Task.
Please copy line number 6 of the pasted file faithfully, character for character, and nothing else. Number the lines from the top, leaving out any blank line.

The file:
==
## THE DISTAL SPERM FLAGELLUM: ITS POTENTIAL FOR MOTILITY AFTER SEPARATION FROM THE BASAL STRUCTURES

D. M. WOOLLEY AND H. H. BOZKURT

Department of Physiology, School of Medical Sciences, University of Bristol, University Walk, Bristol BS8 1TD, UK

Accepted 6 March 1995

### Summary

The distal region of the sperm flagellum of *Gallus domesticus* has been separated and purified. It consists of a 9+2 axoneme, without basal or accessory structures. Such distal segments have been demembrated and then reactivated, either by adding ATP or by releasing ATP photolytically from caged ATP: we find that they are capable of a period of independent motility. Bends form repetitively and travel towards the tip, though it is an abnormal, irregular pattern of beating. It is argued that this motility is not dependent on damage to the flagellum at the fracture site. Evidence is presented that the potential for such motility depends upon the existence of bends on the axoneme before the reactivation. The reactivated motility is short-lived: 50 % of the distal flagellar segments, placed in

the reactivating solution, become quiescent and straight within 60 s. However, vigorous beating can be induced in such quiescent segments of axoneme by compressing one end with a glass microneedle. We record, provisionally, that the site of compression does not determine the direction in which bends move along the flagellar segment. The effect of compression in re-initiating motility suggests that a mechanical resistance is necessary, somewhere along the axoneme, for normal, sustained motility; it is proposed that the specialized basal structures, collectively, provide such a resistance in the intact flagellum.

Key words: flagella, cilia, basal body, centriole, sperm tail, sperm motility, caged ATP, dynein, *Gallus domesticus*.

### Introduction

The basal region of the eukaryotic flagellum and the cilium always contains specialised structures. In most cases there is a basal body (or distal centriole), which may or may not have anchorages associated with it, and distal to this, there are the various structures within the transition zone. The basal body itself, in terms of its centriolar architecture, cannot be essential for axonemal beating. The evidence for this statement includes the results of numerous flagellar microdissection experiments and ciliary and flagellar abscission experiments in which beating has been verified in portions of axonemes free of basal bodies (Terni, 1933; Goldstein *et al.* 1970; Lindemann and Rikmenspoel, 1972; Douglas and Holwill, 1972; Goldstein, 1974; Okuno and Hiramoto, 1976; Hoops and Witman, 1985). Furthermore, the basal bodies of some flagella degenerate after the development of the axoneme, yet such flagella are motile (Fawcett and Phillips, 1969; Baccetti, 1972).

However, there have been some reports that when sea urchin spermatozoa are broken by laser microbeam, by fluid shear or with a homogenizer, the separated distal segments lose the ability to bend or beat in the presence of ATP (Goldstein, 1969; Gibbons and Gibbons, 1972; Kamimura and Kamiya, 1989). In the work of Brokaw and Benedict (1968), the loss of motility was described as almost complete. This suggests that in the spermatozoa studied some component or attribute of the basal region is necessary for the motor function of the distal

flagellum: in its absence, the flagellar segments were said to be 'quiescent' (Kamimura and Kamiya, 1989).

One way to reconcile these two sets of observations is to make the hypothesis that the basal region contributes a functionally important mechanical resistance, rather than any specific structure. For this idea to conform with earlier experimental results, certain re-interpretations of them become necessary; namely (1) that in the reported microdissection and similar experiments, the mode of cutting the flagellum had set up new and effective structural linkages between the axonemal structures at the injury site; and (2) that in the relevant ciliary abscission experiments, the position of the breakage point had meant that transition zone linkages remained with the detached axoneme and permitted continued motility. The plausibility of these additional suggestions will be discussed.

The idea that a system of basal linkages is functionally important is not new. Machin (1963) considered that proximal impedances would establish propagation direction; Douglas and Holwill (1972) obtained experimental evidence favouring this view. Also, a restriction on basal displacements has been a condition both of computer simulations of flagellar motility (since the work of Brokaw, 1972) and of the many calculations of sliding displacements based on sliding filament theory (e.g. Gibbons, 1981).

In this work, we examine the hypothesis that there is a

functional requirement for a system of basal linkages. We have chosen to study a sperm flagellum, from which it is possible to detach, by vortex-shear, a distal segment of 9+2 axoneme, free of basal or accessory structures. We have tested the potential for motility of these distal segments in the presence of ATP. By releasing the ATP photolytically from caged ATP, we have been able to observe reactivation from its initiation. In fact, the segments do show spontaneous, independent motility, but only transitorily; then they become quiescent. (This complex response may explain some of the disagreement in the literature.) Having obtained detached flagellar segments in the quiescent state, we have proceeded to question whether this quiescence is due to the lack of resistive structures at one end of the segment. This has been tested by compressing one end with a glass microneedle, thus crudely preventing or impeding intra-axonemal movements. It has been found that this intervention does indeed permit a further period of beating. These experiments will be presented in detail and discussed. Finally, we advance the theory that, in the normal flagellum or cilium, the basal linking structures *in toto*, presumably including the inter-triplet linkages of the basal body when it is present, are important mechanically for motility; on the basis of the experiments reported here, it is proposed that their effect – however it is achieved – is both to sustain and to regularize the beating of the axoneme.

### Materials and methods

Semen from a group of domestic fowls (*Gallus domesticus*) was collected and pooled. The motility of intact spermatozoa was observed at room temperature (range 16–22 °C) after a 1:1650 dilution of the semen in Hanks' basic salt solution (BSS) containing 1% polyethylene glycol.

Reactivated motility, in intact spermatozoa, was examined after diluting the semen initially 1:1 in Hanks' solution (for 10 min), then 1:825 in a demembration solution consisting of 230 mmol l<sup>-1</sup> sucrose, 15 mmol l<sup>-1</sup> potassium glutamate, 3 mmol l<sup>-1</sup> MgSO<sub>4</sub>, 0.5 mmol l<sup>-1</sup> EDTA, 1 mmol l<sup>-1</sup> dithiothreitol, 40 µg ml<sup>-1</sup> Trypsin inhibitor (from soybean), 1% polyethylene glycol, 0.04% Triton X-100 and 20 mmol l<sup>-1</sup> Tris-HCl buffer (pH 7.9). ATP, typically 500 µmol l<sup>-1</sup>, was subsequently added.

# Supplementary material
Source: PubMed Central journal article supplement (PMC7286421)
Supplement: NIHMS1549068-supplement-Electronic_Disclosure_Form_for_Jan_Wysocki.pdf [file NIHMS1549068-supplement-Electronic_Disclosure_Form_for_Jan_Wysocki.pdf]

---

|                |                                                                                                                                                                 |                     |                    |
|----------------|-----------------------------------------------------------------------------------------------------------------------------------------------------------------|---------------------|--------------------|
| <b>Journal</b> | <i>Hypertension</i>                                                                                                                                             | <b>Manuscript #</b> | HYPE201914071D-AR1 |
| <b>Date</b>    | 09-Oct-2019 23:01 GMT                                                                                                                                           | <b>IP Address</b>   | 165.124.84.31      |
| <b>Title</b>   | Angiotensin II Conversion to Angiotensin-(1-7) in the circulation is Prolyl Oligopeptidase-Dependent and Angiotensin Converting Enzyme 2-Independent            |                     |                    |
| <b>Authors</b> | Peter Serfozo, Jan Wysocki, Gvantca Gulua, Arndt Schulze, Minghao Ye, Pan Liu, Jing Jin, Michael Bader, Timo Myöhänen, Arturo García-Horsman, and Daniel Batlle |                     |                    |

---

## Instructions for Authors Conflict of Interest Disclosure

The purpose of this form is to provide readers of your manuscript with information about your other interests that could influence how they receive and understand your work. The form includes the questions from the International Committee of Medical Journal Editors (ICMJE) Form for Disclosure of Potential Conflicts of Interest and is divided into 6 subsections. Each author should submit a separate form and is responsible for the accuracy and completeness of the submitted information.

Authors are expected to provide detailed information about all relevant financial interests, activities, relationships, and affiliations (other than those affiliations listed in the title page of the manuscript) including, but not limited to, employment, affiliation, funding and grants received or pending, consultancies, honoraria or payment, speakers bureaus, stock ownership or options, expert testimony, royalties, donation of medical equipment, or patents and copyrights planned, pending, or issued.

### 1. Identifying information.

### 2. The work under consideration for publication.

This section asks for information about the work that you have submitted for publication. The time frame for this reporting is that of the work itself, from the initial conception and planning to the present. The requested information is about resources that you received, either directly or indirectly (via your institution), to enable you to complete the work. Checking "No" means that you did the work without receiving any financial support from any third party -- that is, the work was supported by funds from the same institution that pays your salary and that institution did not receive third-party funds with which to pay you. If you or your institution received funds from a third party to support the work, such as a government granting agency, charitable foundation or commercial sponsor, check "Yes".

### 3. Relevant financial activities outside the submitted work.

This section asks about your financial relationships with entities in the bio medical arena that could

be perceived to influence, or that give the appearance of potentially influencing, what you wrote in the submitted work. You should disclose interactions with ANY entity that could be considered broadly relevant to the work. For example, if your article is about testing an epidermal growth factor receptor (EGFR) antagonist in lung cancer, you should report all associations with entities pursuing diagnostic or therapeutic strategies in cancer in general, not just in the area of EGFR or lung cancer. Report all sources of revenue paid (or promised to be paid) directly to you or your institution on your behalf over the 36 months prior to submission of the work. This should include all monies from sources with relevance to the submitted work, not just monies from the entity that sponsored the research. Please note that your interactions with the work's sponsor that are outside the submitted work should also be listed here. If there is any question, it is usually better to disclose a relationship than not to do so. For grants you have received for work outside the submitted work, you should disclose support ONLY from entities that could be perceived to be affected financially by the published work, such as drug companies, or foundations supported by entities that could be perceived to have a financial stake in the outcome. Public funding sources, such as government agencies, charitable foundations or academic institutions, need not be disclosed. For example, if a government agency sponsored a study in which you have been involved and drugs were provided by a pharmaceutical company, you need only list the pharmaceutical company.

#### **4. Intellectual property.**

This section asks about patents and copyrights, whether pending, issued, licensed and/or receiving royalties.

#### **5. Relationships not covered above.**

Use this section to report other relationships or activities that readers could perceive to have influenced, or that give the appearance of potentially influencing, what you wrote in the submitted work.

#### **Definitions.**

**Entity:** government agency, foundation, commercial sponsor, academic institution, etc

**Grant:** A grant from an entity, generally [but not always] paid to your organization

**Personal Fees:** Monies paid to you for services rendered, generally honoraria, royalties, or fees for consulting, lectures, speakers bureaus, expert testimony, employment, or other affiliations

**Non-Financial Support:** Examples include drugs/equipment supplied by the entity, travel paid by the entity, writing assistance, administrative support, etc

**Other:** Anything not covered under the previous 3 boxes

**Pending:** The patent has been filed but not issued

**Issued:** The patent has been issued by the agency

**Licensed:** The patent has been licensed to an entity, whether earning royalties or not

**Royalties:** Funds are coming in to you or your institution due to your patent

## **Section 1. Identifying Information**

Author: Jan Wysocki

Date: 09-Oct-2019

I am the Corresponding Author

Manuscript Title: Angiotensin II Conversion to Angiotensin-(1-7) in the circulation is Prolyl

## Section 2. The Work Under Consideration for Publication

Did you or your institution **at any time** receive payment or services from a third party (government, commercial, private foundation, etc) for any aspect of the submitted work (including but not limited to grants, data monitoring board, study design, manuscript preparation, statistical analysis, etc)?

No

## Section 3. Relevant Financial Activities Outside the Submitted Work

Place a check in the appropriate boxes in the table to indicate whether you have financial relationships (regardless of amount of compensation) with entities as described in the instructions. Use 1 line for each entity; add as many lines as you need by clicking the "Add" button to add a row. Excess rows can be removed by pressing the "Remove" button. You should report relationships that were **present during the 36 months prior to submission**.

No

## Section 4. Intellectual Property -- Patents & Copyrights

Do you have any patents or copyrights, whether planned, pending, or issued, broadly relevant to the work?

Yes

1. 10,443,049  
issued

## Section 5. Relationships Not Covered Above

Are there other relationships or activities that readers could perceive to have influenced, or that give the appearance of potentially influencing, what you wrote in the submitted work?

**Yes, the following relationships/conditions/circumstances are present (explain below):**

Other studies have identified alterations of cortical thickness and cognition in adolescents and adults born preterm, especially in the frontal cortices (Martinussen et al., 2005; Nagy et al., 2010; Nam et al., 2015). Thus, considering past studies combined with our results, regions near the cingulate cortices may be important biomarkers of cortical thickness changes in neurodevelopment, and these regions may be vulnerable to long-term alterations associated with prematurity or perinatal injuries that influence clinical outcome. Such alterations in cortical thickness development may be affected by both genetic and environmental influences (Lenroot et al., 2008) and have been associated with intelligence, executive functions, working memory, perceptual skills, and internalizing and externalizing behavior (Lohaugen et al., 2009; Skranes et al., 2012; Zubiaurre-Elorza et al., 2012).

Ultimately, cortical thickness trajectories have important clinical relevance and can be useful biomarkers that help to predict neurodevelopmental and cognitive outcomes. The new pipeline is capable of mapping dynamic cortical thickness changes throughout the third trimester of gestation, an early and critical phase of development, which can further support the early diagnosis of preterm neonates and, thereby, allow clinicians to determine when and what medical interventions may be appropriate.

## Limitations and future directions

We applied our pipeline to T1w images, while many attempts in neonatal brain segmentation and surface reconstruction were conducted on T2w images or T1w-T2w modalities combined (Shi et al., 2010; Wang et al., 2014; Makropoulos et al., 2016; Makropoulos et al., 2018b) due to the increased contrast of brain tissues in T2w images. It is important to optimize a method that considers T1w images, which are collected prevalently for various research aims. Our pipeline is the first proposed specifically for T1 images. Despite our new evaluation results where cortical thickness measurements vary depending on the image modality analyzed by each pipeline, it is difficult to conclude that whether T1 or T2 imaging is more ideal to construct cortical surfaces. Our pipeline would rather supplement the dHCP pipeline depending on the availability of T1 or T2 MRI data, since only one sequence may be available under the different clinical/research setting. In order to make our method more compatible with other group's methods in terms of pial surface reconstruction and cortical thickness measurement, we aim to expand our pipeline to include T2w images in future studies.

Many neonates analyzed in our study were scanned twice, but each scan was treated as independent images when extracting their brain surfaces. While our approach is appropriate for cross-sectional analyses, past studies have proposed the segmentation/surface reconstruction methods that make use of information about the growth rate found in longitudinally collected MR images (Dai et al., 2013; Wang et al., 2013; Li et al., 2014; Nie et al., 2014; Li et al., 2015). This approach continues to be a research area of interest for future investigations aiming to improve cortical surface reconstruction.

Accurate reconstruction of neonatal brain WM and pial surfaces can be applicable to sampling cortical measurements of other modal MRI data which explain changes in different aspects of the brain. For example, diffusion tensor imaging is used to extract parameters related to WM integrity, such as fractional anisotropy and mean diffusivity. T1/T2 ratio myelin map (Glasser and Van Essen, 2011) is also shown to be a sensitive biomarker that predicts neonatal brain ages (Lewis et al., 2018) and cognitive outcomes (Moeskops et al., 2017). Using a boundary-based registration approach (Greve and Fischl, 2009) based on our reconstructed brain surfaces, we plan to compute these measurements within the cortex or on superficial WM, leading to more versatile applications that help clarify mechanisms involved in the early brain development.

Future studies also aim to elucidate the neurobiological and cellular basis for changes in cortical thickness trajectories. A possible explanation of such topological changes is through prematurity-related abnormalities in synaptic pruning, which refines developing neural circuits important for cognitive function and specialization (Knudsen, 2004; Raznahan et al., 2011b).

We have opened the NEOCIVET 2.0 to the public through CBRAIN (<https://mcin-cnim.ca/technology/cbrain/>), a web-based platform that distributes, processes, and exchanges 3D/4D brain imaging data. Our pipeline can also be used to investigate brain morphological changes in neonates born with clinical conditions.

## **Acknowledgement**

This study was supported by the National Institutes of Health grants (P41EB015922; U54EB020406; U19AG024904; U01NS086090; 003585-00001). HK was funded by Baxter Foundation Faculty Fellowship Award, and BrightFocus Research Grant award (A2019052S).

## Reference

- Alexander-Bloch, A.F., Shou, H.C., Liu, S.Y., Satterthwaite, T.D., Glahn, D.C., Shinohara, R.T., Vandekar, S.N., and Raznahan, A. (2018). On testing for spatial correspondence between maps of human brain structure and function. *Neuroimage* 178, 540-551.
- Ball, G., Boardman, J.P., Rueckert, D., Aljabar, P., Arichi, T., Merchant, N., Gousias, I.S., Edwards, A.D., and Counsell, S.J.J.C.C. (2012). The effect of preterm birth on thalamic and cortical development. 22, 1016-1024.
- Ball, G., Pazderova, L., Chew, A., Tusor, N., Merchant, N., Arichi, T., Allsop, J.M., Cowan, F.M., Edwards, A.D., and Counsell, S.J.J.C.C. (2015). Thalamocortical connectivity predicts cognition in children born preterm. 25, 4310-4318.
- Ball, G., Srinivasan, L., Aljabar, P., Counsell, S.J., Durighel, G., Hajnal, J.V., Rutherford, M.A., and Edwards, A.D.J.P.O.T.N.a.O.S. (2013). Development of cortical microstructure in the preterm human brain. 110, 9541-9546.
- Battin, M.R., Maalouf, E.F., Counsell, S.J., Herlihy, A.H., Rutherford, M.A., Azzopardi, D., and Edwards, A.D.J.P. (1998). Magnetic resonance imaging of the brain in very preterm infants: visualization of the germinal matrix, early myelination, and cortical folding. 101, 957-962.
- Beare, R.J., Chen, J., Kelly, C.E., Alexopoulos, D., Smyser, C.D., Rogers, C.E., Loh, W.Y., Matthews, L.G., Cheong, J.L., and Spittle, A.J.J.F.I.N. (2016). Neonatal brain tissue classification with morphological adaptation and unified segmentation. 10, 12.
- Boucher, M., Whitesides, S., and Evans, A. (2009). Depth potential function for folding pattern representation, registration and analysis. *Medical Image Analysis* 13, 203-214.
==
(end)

The distal region of the sperm flagellum of *Gallus domesticus* has been separated and purified. It consists of a 9+2 axoneme, without basal or accessory structures. Such distal segments have been demembrated and then reactivated, either by adding ATP or by releasing ATP photolytically from caged ATP: we find that they are capable of a period of independent motility. Bends form repetitively and travel towards the tip, though it is an abnormal, irregular pattern of beating. It is argued that this motility is not dependent on damage to the flagellum at the fracture site. Evidence is presented that the potential for such motility depends upon the existence of bends on the axoneme before the reactivation. The reactivated motility is short-lived: 50 % of the distal flagellar segments, placed in